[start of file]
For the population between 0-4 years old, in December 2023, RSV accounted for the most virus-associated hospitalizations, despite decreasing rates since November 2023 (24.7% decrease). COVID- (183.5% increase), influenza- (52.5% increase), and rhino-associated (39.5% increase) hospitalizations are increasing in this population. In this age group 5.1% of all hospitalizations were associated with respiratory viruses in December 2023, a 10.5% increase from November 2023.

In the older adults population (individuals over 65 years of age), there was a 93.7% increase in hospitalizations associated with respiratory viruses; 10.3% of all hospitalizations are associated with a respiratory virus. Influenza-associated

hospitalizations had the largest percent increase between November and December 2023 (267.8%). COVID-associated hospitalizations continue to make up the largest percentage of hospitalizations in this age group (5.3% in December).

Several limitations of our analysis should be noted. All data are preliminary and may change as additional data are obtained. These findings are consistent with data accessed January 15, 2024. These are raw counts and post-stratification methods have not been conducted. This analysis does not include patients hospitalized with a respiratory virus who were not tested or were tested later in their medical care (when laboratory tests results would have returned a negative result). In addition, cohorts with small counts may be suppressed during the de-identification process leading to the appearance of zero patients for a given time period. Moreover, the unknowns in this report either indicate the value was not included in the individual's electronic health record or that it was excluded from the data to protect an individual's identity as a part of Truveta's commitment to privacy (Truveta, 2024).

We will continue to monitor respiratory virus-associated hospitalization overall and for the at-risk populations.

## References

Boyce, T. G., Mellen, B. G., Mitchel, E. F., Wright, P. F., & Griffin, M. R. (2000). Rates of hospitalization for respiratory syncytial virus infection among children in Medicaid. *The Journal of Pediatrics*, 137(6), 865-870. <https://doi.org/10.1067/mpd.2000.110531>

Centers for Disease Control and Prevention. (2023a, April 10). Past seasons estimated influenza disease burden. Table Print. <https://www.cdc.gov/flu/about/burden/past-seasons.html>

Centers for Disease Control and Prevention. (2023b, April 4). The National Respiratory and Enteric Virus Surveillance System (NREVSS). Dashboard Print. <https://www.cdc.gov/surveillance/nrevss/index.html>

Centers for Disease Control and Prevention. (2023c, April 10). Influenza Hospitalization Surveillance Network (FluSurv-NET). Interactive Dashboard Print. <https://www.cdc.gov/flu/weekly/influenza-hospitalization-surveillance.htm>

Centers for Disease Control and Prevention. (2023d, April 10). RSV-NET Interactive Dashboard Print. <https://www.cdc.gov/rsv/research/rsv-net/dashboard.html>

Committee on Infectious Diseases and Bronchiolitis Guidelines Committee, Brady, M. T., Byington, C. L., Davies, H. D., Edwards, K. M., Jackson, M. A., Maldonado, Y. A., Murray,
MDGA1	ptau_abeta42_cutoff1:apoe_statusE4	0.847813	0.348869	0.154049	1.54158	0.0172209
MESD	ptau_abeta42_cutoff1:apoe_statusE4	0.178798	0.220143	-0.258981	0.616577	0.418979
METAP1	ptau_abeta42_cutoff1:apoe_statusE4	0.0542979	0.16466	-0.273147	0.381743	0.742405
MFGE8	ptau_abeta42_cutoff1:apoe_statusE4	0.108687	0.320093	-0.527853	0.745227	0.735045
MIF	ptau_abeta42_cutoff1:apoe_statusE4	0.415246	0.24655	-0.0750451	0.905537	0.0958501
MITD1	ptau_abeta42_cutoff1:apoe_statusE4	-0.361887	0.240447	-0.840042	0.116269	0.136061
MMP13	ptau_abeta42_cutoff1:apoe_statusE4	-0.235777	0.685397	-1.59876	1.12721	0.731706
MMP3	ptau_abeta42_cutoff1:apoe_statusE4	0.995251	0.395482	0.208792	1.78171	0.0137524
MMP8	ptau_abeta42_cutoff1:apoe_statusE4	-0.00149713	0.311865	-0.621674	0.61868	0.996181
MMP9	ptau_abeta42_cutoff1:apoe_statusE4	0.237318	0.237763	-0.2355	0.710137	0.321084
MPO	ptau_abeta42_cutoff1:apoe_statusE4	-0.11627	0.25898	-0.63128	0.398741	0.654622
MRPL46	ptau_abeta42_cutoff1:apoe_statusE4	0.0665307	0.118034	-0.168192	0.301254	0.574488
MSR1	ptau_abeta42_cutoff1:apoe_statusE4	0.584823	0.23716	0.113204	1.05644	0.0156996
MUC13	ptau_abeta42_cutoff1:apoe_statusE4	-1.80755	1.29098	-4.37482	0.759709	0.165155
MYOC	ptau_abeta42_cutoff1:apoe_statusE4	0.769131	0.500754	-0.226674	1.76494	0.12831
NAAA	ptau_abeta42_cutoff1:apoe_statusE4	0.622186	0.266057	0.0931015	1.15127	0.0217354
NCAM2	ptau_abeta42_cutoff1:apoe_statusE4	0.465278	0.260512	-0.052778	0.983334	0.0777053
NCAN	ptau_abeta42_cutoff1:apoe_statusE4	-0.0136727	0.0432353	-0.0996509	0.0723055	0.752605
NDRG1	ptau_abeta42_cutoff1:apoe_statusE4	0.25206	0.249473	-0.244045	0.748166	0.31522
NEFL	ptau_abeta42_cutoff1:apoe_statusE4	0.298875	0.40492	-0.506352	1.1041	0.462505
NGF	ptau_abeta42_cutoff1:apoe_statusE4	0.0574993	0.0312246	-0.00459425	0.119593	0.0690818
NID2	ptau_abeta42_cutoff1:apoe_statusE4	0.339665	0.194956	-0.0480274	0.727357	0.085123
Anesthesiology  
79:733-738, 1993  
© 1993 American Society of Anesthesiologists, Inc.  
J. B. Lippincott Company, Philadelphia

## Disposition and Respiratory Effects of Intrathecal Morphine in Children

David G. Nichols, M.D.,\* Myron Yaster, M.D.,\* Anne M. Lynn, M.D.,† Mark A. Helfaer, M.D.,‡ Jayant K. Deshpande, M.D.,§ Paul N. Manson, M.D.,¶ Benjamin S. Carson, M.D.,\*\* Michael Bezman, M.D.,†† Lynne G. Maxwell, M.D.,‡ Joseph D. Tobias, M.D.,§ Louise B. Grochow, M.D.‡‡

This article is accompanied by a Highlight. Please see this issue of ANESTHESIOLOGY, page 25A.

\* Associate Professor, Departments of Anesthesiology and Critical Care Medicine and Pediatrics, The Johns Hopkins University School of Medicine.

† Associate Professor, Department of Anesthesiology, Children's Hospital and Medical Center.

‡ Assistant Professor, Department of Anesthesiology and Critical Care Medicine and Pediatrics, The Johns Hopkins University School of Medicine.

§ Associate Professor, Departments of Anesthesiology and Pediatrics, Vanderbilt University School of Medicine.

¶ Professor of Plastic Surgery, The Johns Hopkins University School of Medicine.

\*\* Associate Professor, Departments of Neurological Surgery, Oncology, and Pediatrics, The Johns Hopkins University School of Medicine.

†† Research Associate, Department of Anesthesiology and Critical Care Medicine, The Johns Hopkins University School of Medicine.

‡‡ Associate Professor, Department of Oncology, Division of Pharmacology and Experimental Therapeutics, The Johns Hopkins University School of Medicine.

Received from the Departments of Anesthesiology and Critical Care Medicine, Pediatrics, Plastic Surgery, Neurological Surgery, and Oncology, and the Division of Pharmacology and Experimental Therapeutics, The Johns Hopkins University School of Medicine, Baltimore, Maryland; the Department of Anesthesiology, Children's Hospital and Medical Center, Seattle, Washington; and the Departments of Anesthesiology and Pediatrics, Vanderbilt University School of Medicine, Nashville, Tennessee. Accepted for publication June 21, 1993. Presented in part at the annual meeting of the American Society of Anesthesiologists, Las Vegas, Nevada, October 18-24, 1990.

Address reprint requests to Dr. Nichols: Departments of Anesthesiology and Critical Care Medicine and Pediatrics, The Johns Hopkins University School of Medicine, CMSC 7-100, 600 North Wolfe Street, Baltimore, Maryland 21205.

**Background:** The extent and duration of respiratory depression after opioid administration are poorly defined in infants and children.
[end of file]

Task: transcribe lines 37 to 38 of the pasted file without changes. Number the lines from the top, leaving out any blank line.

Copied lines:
© 1993 American Society of Anesthesiologists, Inc.  
J. B. Lippincott Company, Philadelphia